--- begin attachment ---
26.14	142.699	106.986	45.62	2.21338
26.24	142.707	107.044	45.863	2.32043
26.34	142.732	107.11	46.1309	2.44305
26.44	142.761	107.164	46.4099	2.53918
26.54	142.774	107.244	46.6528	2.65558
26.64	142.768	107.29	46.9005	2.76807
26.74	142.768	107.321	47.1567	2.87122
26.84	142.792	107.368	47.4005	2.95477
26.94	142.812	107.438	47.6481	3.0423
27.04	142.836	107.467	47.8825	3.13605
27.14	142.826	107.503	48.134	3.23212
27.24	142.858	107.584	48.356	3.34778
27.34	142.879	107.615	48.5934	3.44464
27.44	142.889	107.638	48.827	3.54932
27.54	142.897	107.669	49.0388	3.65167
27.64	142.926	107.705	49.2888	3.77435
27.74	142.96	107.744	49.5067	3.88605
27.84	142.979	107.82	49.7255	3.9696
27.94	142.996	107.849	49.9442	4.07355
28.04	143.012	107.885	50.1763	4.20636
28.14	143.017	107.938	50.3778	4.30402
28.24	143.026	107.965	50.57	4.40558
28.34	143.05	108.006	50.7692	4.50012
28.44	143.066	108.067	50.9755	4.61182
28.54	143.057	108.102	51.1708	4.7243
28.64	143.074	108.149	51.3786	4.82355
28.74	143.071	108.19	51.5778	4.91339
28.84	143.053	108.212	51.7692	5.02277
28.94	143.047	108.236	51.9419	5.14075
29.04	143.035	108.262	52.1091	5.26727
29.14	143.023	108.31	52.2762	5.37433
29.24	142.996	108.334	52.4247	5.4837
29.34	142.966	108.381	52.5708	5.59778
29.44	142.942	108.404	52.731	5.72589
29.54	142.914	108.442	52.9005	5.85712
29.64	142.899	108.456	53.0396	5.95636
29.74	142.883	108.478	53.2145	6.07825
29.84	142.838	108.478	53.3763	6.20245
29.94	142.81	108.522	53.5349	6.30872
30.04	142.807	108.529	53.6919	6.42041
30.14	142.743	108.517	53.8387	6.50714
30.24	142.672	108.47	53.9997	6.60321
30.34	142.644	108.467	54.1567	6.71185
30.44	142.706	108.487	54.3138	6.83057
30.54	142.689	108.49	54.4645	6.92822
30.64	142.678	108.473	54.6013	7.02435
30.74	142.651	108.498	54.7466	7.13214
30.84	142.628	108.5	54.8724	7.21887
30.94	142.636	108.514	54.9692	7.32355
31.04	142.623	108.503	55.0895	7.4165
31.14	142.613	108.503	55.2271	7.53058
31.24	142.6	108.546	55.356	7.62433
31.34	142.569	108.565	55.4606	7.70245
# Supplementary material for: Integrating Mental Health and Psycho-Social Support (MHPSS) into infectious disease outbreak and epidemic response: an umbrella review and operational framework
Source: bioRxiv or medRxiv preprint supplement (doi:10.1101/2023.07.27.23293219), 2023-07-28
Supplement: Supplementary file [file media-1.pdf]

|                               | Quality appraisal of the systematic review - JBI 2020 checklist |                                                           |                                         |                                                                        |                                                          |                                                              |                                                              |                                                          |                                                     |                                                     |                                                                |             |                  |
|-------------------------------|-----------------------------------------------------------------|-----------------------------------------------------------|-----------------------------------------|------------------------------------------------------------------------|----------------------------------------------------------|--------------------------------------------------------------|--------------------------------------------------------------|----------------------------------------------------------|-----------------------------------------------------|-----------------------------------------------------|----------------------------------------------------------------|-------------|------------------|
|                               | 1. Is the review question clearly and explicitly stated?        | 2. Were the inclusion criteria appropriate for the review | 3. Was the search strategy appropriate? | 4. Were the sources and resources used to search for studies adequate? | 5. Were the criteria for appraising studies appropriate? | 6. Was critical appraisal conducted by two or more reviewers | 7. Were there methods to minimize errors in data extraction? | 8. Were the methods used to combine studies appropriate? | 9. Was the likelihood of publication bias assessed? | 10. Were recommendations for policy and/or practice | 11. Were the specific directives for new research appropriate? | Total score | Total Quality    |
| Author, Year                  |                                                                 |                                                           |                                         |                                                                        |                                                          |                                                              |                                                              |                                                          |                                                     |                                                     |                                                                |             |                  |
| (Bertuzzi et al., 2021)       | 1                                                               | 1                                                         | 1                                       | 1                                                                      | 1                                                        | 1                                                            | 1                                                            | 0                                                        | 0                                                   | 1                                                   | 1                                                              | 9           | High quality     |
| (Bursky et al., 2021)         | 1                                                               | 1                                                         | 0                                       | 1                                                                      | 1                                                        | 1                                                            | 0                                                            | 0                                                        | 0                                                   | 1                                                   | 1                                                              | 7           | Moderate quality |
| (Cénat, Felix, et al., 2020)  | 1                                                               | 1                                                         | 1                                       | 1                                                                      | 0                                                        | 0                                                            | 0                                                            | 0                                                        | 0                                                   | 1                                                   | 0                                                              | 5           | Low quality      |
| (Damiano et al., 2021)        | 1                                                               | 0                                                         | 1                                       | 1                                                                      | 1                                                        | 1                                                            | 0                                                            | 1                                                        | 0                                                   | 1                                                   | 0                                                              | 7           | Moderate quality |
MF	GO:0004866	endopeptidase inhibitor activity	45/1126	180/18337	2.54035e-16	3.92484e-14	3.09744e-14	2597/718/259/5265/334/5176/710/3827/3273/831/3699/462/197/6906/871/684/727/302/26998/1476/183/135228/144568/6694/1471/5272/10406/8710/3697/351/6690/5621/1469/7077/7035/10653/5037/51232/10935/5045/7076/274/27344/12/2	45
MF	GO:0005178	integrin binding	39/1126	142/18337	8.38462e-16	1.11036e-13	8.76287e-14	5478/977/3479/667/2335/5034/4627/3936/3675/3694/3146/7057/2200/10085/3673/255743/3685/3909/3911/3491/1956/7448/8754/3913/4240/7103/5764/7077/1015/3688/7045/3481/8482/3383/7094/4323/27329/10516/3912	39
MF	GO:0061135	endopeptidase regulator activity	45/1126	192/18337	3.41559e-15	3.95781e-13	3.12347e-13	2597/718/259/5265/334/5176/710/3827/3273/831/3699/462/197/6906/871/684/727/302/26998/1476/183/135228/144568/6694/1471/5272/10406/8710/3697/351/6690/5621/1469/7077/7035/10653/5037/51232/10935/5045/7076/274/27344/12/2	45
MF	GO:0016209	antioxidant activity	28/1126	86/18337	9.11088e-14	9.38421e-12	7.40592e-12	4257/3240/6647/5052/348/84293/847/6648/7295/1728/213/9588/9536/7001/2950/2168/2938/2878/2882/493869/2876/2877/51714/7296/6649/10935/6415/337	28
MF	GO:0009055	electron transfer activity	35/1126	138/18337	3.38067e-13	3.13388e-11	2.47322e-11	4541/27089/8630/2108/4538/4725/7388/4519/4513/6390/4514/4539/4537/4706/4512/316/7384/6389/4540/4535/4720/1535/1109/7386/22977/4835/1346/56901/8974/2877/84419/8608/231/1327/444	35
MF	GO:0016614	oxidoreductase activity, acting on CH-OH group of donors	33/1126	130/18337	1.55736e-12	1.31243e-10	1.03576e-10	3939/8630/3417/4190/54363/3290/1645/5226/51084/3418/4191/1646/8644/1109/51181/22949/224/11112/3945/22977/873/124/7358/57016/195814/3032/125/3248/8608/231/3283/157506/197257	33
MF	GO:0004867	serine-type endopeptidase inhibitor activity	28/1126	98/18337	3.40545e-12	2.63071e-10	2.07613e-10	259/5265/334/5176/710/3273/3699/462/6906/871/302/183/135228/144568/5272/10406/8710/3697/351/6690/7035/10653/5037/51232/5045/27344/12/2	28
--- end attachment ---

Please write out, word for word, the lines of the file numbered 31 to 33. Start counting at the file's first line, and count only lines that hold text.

29.14	143.023	108.31	52.2762	5.37433
29.24	142.996	108.334	52.4247	5.4837
29.34	142.966	108.381	52.5708	5.59778